Jim Woodall, district attorney of Orange and Chatham counties, is now prepared to deputize three special assistant district attorneys to help him look into the states criminal cases against sports agents dealings with football players at UNC-Chapel Hill.
Two indictments, one of an agent and one of a former tutor for players, have already come down, and three more are expected.
This is a pursuit thats certainly unpopular with UNC-Chapel Hill boosters and officials whod like the long, painful story of an athletics-academic scandal to fade away. But Woodall believes the situation with sports agents, trying various ways to obligate college players to sign deals with them, is serious and widespread.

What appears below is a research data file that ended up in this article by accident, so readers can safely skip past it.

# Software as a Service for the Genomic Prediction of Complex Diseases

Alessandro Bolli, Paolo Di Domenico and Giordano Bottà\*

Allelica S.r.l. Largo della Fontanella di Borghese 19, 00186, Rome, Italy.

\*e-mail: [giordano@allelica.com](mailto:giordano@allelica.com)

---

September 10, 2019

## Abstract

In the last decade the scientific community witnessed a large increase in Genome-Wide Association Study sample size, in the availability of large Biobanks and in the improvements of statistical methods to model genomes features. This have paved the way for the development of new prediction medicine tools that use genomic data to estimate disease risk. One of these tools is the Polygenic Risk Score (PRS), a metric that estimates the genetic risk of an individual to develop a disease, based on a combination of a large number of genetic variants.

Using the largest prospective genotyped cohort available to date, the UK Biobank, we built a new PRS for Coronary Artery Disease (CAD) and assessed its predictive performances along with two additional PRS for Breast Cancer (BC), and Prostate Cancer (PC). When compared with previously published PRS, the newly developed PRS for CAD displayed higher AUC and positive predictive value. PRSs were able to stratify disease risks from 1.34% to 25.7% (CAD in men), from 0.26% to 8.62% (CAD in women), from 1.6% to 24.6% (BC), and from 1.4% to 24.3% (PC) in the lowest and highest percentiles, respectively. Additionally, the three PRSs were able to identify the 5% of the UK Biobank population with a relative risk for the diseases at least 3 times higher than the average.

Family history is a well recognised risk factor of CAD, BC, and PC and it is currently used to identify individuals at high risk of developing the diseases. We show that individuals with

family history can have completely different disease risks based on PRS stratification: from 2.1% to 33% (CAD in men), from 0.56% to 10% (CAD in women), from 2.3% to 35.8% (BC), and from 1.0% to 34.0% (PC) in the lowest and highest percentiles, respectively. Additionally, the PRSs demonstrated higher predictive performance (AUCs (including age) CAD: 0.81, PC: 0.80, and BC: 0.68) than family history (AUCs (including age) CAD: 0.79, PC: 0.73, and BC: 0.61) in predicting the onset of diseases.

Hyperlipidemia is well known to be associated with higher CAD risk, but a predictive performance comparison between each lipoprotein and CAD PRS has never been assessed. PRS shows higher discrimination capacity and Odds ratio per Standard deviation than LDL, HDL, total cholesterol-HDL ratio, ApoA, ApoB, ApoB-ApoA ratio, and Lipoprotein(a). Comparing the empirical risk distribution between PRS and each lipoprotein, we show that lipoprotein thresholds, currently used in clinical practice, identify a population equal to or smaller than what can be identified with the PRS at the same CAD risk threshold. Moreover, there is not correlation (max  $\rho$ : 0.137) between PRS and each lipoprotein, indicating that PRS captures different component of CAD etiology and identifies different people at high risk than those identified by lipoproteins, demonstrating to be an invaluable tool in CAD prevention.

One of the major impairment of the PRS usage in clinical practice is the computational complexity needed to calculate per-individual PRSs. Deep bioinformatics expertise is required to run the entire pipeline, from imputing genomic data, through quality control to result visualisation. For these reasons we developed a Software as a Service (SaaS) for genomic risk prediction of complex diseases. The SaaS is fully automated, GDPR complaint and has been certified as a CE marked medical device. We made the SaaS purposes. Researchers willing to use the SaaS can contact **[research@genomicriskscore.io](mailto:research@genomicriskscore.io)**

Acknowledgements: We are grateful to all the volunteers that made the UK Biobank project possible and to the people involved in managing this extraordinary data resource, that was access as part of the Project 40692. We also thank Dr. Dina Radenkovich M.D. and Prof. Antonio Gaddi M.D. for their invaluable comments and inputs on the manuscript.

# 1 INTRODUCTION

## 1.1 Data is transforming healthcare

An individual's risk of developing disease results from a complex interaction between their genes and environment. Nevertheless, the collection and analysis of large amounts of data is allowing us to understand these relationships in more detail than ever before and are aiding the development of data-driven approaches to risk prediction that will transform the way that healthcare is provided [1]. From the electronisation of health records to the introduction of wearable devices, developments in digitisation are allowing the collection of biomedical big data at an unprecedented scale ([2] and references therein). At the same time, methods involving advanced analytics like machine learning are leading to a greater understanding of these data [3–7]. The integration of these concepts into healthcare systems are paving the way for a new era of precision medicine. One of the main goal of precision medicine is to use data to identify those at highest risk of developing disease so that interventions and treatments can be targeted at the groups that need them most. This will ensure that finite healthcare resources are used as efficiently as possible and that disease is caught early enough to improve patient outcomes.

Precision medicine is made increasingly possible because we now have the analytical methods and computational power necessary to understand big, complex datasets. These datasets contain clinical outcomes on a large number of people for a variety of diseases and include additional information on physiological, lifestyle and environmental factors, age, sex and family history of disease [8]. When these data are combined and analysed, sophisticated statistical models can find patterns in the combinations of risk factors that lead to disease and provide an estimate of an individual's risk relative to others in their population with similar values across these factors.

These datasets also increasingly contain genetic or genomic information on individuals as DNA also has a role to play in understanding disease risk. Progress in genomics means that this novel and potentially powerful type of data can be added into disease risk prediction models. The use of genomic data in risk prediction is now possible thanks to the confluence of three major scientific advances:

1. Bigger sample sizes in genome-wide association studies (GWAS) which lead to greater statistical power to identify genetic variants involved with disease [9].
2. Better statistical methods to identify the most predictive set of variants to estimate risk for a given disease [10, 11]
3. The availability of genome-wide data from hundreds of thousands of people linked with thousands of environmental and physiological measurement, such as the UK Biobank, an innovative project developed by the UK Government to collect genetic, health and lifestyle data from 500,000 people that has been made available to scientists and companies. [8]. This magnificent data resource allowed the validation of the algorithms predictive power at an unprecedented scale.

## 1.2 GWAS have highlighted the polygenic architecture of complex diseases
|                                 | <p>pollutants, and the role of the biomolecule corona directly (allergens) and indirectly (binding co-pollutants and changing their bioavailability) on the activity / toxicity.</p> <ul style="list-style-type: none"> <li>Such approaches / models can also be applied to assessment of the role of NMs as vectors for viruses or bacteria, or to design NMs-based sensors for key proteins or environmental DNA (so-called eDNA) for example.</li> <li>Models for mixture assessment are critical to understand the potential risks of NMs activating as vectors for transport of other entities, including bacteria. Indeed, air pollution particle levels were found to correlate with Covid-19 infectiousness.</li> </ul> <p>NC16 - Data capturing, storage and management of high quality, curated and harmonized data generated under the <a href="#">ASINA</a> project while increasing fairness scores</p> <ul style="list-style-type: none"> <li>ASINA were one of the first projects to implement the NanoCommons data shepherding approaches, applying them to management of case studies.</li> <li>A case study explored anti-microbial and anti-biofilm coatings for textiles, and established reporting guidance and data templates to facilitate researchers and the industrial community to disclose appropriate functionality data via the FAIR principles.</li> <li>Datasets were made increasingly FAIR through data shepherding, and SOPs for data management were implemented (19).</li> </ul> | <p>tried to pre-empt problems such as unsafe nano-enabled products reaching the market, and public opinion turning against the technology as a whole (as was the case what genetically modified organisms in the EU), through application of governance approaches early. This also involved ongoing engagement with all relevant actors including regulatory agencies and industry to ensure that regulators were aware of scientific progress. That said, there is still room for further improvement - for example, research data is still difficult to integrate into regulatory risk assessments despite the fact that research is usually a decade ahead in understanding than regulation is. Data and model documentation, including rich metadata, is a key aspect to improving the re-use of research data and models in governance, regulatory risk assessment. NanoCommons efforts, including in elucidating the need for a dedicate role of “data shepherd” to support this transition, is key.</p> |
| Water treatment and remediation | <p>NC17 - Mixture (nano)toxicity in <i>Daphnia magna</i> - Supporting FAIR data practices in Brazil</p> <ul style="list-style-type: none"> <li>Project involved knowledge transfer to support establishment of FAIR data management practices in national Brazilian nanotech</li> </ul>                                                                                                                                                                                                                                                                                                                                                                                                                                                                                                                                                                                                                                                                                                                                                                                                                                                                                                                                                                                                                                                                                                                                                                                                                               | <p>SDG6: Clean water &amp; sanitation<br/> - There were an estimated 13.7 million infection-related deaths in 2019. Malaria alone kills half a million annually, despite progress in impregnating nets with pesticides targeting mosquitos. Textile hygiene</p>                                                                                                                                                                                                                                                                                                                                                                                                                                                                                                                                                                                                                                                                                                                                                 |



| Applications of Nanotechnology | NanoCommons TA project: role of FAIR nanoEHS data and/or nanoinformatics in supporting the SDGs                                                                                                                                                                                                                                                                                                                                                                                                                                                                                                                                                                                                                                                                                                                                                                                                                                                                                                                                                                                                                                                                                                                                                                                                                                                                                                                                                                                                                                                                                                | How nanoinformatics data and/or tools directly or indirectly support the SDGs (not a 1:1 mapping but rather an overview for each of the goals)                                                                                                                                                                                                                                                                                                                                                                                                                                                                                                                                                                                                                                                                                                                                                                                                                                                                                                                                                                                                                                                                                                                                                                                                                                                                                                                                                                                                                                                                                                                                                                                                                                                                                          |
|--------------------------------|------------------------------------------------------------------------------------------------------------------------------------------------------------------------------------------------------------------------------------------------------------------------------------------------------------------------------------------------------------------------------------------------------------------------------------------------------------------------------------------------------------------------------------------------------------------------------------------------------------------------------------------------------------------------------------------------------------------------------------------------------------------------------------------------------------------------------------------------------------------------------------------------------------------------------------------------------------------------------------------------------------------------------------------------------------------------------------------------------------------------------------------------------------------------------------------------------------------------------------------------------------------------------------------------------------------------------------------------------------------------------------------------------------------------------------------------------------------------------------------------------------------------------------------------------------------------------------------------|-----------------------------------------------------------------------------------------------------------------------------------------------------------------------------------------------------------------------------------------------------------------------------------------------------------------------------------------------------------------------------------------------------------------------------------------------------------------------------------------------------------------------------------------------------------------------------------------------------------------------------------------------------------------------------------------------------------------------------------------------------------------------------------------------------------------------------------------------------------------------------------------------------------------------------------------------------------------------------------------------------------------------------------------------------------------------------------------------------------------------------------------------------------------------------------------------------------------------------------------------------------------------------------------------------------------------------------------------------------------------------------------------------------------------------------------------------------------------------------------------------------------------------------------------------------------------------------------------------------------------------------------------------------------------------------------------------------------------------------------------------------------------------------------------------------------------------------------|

Its lonely out there. In fact, Woodalls criminal accusations, resulting from an investigation by the Secretary of States office, may be the first and only ones in the country. It would be nice, Woodall said, if some other states get involved.
North Carolina law requires sports agents to register with the Secretary of State and forbids benefits to players, including cash. Such benefits are whats at issue in Woodalls investigation and action.
Certainly college football has for years been plagued by boosters giving players $100 handshakes and the like. But the millions of dollars now at stake with professional contracts has raised the ante for agents who want to get a piece of the action and sign the most valuable players.
Woodall is doing a service in pursuing investigations and prosecutions that many in the college athletics behemoth nationwide would just as soon he leave alone. UNC-Chapel Hill, after all, has long been regarded as one of the cleanest schools when it comes to oversight, a perception thats been altered some in the last two years.
Woodall is going to force more schools, and the weak NCAA supposed watchdog of college athletics to face up to some tough issues. Good work.